Spirit of Speyside festival 2014 – day three

Our third festival day was another busy day. We would start around 11:30 at the Laichmoray hotel in Elgin, so we decided to sleep in and have a relaxed morning. Following the A941 up from Craigellachie, we arrived without any problems at the hotel, where a bus was waiting on us to tour us around the four distilleries of the day.

We were welcomed by senior site manager and Spirit of Speyside festival co-organiser Erik Walker (we refrained from asking him if he was related to the Walker dynasty – him working for Diageo and all).

Again, the Maltstockers were present, accompanied by the organising couple of the Whisky Festival Noord Nederland, an English couple we had met previously during one of the earlier tours, a group of German Whisky enthusiasts and two “journalists” of an unknown magazine/ site/ blog.

With the bus filled, we started towards the site of the Linkwood distillery, where trainee site operation manager Pierrick Guillaume was waiting for us. In 2013 the facility has upgraded to three sets of small-ish stills, making them able to produce a massive 5,6 million litres of alcohol per year. They can reach this large quantity of spirit, partly because of the large, slow fermenting wooden washbacks, each producing enough to fill four (!) fast-running wash stills that run for 50 weeks per year. The spirit stills are slightly larger than the wash stills.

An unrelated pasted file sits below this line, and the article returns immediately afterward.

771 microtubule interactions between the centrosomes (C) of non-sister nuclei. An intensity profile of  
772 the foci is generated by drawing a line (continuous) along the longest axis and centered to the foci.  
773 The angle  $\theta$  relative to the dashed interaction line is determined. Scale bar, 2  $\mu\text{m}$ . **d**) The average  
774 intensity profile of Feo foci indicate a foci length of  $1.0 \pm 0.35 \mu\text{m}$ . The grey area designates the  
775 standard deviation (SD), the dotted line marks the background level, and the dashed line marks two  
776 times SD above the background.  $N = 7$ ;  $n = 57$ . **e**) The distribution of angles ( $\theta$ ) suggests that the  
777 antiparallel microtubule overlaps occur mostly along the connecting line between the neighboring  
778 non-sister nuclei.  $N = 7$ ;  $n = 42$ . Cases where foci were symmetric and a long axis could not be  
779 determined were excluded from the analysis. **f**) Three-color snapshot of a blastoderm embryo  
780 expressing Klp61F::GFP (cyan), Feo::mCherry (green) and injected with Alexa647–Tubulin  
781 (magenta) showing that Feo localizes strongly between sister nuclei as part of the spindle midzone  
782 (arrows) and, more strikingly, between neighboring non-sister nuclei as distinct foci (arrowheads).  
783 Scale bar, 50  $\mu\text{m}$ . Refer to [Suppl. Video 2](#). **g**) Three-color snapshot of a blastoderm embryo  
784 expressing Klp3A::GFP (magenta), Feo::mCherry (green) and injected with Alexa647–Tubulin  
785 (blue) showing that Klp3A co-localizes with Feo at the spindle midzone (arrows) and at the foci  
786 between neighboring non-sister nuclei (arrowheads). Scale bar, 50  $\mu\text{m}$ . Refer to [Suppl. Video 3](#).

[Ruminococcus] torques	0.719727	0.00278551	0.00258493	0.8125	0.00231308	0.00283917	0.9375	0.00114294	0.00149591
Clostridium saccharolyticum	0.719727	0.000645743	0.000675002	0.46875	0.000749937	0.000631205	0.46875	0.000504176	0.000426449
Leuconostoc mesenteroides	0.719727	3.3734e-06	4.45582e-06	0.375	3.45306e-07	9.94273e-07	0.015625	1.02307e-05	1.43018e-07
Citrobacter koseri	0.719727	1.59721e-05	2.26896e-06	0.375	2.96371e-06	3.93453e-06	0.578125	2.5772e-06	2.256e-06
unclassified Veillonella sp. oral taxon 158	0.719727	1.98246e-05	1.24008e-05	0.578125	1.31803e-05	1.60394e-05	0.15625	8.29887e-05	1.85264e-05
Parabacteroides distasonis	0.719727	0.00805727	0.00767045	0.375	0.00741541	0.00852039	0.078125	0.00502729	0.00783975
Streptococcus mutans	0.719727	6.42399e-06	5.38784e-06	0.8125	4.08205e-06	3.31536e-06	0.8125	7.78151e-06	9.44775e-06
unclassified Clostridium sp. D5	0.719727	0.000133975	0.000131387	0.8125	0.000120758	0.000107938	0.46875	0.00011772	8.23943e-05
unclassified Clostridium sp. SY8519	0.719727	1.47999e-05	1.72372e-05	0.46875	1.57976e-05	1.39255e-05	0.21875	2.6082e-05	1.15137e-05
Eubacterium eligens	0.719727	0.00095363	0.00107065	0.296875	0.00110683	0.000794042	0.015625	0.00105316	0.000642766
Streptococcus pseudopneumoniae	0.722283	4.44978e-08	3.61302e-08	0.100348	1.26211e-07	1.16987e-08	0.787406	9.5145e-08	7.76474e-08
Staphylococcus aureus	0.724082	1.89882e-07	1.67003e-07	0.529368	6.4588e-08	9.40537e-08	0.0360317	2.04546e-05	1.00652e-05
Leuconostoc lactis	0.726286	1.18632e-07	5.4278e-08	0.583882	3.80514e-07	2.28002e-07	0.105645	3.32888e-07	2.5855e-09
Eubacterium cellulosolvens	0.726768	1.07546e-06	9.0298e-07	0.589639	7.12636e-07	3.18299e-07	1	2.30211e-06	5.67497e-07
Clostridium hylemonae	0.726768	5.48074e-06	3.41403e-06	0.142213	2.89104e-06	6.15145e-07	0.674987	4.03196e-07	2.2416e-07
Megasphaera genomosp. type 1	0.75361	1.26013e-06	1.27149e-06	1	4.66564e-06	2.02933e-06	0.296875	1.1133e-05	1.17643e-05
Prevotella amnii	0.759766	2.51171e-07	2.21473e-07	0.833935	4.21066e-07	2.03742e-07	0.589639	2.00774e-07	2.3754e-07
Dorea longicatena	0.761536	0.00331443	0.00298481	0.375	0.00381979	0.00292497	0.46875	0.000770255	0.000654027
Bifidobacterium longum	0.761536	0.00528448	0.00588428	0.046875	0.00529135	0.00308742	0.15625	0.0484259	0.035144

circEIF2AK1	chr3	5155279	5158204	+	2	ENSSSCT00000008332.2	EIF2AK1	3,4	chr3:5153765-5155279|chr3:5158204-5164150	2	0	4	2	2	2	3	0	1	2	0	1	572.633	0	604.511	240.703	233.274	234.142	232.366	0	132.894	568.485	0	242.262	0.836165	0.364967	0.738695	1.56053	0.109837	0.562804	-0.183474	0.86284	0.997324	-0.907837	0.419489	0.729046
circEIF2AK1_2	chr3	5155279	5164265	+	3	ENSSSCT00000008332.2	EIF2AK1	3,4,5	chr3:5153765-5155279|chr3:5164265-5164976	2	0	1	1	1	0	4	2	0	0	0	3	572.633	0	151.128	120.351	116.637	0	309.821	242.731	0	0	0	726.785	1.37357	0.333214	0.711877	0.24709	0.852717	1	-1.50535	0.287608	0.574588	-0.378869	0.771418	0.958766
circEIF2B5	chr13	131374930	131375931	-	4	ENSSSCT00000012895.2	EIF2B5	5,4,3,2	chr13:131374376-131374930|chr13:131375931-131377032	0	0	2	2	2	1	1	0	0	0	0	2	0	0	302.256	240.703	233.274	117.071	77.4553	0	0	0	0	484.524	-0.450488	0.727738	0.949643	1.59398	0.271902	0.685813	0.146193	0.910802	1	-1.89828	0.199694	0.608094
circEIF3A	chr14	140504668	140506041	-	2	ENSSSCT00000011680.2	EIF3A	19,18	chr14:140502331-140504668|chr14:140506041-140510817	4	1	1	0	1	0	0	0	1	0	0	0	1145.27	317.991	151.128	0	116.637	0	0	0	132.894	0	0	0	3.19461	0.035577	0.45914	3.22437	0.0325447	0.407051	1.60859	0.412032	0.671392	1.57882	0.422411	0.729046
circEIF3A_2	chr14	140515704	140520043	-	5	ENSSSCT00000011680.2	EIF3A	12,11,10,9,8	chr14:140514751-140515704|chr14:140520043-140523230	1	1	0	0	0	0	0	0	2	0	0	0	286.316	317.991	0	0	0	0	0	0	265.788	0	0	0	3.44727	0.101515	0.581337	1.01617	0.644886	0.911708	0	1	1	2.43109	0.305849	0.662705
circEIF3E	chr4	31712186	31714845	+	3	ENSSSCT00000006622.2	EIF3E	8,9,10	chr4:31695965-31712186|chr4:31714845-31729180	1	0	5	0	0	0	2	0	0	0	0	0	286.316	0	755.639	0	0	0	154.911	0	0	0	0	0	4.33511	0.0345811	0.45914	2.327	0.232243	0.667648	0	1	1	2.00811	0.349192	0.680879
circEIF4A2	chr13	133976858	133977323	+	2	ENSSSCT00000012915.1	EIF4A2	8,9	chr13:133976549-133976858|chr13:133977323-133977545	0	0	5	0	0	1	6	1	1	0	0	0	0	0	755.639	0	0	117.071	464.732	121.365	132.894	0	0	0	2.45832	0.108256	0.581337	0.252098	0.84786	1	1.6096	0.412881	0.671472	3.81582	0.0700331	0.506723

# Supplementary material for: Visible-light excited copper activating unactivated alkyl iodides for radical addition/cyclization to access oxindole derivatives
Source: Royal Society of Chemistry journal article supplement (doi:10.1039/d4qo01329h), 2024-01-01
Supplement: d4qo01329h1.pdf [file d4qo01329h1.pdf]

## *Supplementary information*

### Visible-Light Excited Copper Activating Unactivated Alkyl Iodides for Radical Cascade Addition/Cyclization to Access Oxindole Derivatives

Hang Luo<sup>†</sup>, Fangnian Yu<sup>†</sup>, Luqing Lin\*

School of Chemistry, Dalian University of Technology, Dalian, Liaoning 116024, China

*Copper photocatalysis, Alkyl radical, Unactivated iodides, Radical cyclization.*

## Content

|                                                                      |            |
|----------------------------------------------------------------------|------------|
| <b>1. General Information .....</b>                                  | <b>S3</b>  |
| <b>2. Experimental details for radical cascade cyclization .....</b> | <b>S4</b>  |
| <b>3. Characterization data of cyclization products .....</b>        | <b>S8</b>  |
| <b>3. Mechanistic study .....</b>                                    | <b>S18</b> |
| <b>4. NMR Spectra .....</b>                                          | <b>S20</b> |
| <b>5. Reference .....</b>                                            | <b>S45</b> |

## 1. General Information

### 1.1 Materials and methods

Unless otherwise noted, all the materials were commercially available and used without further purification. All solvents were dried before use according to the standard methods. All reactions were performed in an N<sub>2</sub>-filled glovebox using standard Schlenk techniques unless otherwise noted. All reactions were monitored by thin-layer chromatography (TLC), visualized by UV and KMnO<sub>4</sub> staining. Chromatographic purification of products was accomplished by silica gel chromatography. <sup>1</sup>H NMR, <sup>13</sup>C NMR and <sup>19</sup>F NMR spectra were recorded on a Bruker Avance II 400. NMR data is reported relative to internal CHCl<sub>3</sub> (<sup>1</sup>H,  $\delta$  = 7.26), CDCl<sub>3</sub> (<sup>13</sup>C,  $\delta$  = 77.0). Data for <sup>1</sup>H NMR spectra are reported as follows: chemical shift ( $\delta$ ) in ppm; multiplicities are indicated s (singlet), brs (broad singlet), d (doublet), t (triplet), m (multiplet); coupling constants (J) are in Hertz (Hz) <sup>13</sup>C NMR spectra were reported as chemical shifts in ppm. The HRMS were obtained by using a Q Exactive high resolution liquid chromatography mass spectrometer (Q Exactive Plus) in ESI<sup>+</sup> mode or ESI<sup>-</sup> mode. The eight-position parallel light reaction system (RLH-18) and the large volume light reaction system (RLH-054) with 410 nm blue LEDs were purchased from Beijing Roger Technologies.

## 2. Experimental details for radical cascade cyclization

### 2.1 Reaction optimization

What got our attention at Linkwood, was that they operate the facility mainly computer controlled, but the operators still rely on their senses and measuring equipment in order to reach the desired cutting points, something we thought had been eliminated completely with the larger Diageo facilities, and refreshing to see this is still happening in a Diageo distillery of this scale.

Next stop: Glen Elgin distillery. Just like Linkwood, they have had an expansion recently, making them capable of producing 2,6 million litres per year. The expansion has resulted partly in a modernising of the plant, since they still run with a lot of wooden elevators to move the malt around and large wooden washbacks, but they do have a large full-lauter mash tun, where the second water is ramped up from 63 to 86 degrees Celcius, instead of using a third water, saving them the time it normally takes to fill third water into the mashtun. There are also still six large wooden wormtub condensers outside. Part of the operation is automated, but here we found a lot of manual work as well. Again; refreshing.

On to the last location of the four distilleries we are to visit today. Mannochmore and Glenlossie distilleries are effectively on the same location, where we started with the latter. A large stainless steel mashtun awaits us – also ramping up the temperature of the second water to gain time, which feeds eight wooden washbacks where a long, 80 hour fermentation takes place. Two more washbacks are planned to be installed, in order to raise the number of washes from 16 to 21/22 per week. The new washbacks will be made from stainless steel. The three sets of stills are all equipped purifiers, and are the last of the equipment in the distillery that are operated manually.